Post provided by Jana McPherson

© Amélie Augé
© Amélie Augé

Correlative distribution models have become essential tools in conservation, macroecology and ecology more generally. They help turn limited occurrence records into predictive maps that help us get a better sense of where species might be found, which areas might be critical for their protection, how large their range currently is, and how it might change with climate change, urban encroachment or other forms of habitat conversion.

It can be frustrating, however, when species distribution models (and the predictive maps they produce) don’t adequately capture what we already know about the habitat needs of a species. A major challenge to date has been to represent the environmental needs of species that require distinct habitats during different life stages or behavioural states. Rainbow parrotfish (Scarus guacamaia), for example, spend their youth sheltered from predators in mangrove areas before moving onto coral reefs, and European nightjars (Caprimulgus europaeus) breed in heathland but require access to grazed grassland for foraging. Correlative distribution models confronted with occurrence records from both life stages or behavioural modes tend to produce poor predictive maps because they confound these distinct requirements.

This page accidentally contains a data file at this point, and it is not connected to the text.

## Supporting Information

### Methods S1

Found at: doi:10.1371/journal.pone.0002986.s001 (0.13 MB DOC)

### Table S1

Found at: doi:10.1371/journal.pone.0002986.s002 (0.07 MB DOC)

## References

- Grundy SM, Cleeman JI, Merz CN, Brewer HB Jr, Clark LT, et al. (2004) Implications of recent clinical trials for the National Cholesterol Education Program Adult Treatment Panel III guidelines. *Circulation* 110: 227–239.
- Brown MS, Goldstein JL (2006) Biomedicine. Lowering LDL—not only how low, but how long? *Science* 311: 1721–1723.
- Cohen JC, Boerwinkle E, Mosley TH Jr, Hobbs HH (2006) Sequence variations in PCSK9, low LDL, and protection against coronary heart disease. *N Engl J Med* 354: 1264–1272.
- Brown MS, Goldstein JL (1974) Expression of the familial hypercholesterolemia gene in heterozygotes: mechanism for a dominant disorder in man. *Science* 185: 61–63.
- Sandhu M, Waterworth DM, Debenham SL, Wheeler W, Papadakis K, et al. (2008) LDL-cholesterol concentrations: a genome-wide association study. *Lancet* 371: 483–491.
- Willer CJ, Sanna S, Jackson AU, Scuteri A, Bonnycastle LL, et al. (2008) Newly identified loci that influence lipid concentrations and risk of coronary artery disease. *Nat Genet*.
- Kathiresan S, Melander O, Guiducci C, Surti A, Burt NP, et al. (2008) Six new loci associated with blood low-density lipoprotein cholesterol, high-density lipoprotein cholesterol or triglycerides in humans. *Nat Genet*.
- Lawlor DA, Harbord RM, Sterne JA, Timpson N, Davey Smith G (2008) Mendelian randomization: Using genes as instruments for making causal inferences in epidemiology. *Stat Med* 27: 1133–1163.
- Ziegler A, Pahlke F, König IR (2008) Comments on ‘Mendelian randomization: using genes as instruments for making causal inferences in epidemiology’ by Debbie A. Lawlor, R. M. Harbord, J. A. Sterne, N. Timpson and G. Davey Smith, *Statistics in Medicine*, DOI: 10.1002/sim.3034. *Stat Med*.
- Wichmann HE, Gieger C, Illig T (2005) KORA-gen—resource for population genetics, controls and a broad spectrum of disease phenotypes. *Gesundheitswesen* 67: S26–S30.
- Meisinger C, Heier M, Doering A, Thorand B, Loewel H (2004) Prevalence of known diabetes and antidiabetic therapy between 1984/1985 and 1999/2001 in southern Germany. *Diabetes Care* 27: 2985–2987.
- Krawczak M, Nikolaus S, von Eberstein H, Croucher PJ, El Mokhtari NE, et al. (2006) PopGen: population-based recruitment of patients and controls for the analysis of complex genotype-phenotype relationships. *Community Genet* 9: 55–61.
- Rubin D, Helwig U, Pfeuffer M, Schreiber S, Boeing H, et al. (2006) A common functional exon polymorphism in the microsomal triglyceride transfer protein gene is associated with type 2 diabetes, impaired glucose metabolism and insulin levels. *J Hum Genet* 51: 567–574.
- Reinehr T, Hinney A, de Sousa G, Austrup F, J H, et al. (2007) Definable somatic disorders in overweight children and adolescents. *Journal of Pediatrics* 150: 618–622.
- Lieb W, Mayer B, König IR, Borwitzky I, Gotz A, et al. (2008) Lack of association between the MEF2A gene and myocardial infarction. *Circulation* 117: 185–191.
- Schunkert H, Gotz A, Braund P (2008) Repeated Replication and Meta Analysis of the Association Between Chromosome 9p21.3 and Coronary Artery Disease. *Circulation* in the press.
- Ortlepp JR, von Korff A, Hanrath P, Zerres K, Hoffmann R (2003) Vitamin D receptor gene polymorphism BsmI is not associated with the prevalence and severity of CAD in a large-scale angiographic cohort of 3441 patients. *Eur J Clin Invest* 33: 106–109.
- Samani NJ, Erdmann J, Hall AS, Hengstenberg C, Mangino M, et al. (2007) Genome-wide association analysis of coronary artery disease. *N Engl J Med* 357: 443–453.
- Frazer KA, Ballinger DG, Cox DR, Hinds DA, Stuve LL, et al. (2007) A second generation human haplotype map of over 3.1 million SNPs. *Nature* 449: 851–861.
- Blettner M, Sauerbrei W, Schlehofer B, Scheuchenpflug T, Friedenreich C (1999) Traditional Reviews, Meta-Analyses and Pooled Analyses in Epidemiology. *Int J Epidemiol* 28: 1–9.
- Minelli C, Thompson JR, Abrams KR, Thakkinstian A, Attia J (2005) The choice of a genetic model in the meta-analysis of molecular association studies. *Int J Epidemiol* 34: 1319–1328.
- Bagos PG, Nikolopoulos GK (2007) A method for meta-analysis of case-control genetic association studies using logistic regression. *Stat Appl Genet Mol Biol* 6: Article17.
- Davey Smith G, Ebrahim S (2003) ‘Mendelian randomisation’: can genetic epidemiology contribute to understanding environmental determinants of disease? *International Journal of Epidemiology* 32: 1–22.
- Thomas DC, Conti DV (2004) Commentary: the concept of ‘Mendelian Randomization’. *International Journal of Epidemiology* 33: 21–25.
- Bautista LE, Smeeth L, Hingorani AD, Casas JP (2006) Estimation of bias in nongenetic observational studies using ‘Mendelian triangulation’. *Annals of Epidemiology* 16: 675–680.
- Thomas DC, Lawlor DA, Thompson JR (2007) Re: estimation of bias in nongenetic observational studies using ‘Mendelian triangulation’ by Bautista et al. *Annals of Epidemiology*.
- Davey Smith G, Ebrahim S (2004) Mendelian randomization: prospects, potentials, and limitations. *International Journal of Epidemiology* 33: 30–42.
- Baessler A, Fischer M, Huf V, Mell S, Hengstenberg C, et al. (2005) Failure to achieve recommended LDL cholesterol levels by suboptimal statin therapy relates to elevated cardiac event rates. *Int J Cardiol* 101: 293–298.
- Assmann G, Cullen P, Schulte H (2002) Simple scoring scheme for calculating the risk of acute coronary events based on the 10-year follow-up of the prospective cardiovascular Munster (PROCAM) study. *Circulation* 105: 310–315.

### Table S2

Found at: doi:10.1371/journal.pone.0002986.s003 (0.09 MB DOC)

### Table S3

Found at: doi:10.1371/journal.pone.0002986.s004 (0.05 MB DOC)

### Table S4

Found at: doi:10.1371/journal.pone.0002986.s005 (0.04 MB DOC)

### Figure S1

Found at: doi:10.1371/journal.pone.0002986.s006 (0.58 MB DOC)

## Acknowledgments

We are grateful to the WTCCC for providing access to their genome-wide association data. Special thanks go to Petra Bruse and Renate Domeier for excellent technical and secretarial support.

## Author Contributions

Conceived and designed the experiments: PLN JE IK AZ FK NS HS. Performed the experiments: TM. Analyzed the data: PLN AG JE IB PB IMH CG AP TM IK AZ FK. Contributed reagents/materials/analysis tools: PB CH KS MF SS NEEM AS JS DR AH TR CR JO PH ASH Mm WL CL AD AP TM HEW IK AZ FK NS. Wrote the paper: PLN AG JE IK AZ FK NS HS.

Veronica Frans and her colleagues propose a simple, three-in-one solution to this problem in their recent article ‘Quantifying apart what belongs together: A multi-state species distribution modelling framework for species using distinct habitats’. Separate distribution models are calibrated for each ‘state’ (life stage or behavioural mode) and combined into a single, easy to interpret map in one of three ways. The first maps which (and how many) of the distinct habitats requirements are met within each site or predictive cell. The other two approaches recognise that, depending on the spatial resolution of the model, distinct habitat needs may not all have to be met in one cell, but may have to be met within a certain distance or be associated with minimum area requirements.

Their elegant solution to the problem is illustrated by way of mapping the sandy beaches, grassy areas and forests required by female New Zealand sea lions and their pups during three distinct phases of the breeding period. The multi-state model identified up to 77 potentially suitable breeding sites in the study area.

To find out more, read the Methods in Ecology and Evolution article ‘Quantifying apart what belongs together: A multi-state species distribution modelling framework for species using distinct habitats’ by Frans et al.